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Details of Grant 

EPSRC Reference: EP/G013470/1
Title: Mechanistic Insights into Organocatalytic Processes
Principal Investigator: Armstrong, Professor A
Other Investigators:
Kogelbauer, Dr A
Researcher Co-Investigators:
Project Partners:
Department: Dept of Chemistry
Organisation: Imperial College London
Scheme: Standard Research
Starts: 08 January 2009 Ends: 07 October 2012 Value (£): 457,480
EPSRC Research Topic Classifications:
Catalysis & Applied Catalysis Physical Organic Chemistry
EPSRC Industrial Sector Classifications:
Related Grants:
Panel History:
Panel DatePanel NameOutcome
25 Sep 2008 Physical Organic Chemistry Panel 2 Announced
Summary on Grant Application Form
The use of small organic molecules as catalysts (known as organocatalysis ) is currently attracting intense interest. These systems have the advantage that they avoid the use of potentially toxic metal catalysts and that useful chemical reactions can often be performed under mild conditions without the need for rigorous exclusion of air or water. They also often allow us to control which mirror image form (or enantiomer ) of a molecule is synthesized, which is a crucial requirement for pharmaceutical synthesis. Overall, therefore, they offer the possibility of easier, cleaner, more efficient ( greener ) syntheses of many very important types of compound. Despite the multitude of reactions that have been studied in the laboratory, we do not understand exactly how many of these catalysts work. In particular, many papers have been published claiming beneficial effects of changes of reaction conditions or the inclusion of additives in reactions (for example, water, acids or bases). In this project, we will try to greatly improve our understanding of how these reactions are catalyzed. We will measure the rates of chemical reactions ( chemical kinetics ) using an in situ technique pioneered by one of the applicants, and combine these results with information from spectroscopic and computational methods. We will focus on a reactions which involve additions to carbon-oxygen and carbon-carbon double bonds ( conjugate addition processes ), including the synthesis of aziridines, strained three-membered rings containing nitrogen which are highly valuable building blocks for pharmaceutical synthesis. These studies will lead us into the study of more complex reaction systems aimed at understanding reactions involving more than one catalyst or reaction step, and particularly autocatalytic reactions , ones where the reaction product catalyses its own formation. These reactions have important implications for understanding how life might have originated, as well as in suggesting new and more efficient chemical catalysts.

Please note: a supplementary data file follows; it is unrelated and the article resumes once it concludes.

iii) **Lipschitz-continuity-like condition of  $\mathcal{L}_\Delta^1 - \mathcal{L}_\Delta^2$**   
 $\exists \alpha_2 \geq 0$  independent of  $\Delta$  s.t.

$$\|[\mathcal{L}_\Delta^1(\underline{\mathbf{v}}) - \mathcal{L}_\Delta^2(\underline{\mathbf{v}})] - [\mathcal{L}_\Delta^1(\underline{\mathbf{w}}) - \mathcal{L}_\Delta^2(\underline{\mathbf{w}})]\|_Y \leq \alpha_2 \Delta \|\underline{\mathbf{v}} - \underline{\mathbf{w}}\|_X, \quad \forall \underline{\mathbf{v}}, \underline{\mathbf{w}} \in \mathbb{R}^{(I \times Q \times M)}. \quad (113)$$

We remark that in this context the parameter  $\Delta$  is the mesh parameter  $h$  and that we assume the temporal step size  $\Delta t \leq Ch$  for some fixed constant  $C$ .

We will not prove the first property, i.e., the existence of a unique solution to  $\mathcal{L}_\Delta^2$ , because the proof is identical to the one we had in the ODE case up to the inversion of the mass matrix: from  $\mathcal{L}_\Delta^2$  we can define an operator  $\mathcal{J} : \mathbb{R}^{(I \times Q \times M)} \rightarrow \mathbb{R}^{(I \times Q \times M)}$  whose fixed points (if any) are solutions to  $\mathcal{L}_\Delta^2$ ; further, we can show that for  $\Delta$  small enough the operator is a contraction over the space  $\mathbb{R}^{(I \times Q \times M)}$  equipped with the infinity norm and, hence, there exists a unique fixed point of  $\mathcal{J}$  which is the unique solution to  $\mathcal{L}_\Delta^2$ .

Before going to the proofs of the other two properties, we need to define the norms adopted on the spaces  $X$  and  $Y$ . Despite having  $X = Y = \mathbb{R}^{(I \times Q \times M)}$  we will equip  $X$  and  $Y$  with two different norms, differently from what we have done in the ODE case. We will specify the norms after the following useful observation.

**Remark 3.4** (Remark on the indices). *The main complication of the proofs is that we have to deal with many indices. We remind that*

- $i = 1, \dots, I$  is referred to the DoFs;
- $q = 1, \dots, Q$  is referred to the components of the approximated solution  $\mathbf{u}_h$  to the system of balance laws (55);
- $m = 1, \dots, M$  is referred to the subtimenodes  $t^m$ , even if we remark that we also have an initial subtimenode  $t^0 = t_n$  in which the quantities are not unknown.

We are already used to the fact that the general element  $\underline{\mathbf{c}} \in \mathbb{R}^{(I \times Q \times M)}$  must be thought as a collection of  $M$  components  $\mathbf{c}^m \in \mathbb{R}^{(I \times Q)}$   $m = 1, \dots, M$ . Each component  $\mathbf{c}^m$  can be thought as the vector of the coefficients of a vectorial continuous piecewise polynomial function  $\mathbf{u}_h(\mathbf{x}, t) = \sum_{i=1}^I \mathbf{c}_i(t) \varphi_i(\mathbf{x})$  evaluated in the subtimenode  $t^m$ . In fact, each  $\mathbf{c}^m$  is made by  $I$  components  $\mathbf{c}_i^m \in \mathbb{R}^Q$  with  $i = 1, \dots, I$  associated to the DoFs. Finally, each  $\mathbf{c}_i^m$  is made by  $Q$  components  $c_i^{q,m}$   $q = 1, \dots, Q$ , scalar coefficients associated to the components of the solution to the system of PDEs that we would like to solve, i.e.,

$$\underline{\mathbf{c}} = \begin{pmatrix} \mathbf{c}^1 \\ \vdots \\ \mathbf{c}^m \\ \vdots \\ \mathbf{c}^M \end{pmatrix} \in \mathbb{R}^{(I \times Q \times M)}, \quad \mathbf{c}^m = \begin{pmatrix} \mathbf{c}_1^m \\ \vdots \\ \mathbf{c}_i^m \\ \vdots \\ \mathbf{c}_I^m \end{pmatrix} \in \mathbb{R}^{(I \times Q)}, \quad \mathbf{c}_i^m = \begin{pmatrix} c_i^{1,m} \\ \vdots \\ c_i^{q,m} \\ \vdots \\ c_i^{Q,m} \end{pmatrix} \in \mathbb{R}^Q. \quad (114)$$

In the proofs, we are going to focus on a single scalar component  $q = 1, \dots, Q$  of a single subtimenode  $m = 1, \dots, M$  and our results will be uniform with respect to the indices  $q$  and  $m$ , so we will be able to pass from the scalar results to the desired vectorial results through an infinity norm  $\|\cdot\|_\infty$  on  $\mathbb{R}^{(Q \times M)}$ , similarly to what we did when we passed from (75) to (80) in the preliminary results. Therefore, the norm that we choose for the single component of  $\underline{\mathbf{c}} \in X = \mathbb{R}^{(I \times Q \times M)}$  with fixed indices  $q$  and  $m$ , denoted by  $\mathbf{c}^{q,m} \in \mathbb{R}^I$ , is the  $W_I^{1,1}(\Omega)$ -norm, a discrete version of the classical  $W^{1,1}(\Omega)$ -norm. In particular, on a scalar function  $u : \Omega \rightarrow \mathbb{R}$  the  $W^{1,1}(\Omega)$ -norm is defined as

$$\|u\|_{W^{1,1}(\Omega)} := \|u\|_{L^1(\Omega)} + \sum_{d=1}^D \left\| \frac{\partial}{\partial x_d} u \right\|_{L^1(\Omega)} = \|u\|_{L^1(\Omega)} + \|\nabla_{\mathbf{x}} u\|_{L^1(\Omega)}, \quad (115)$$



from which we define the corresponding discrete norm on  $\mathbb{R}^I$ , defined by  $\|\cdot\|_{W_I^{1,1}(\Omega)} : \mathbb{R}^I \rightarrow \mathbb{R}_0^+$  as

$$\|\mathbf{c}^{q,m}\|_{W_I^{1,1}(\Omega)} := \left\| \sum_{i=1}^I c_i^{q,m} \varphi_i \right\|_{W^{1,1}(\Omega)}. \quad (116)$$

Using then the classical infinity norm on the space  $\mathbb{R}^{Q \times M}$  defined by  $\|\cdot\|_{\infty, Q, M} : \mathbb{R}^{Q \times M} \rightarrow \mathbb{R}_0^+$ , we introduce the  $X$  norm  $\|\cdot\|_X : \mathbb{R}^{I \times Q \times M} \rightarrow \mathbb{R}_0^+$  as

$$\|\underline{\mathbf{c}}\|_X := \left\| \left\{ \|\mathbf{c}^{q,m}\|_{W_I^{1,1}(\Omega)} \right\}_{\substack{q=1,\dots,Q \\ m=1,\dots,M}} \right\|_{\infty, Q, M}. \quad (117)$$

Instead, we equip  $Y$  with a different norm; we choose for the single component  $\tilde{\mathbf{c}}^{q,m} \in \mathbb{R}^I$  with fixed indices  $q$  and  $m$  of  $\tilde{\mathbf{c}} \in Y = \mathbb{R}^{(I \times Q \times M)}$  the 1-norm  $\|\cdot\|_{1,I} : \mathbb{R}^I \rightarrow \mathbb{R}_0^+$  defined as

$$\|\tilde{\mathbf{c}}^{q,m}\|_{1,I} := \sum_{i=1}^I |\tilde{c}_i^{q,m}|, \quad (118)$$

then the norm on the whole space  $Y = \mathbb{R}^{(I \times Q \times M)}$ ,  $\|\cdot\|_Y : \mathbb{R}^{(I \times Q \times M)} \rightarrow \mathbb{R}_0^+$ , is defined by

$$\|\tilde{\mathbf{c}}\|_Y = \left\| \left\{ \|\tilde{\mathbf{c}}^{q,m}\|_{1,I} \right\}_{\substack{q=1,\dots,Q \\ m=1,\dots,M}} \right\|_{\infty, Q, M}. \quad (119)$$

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Organisation Website: http://www.imperial.ac.uk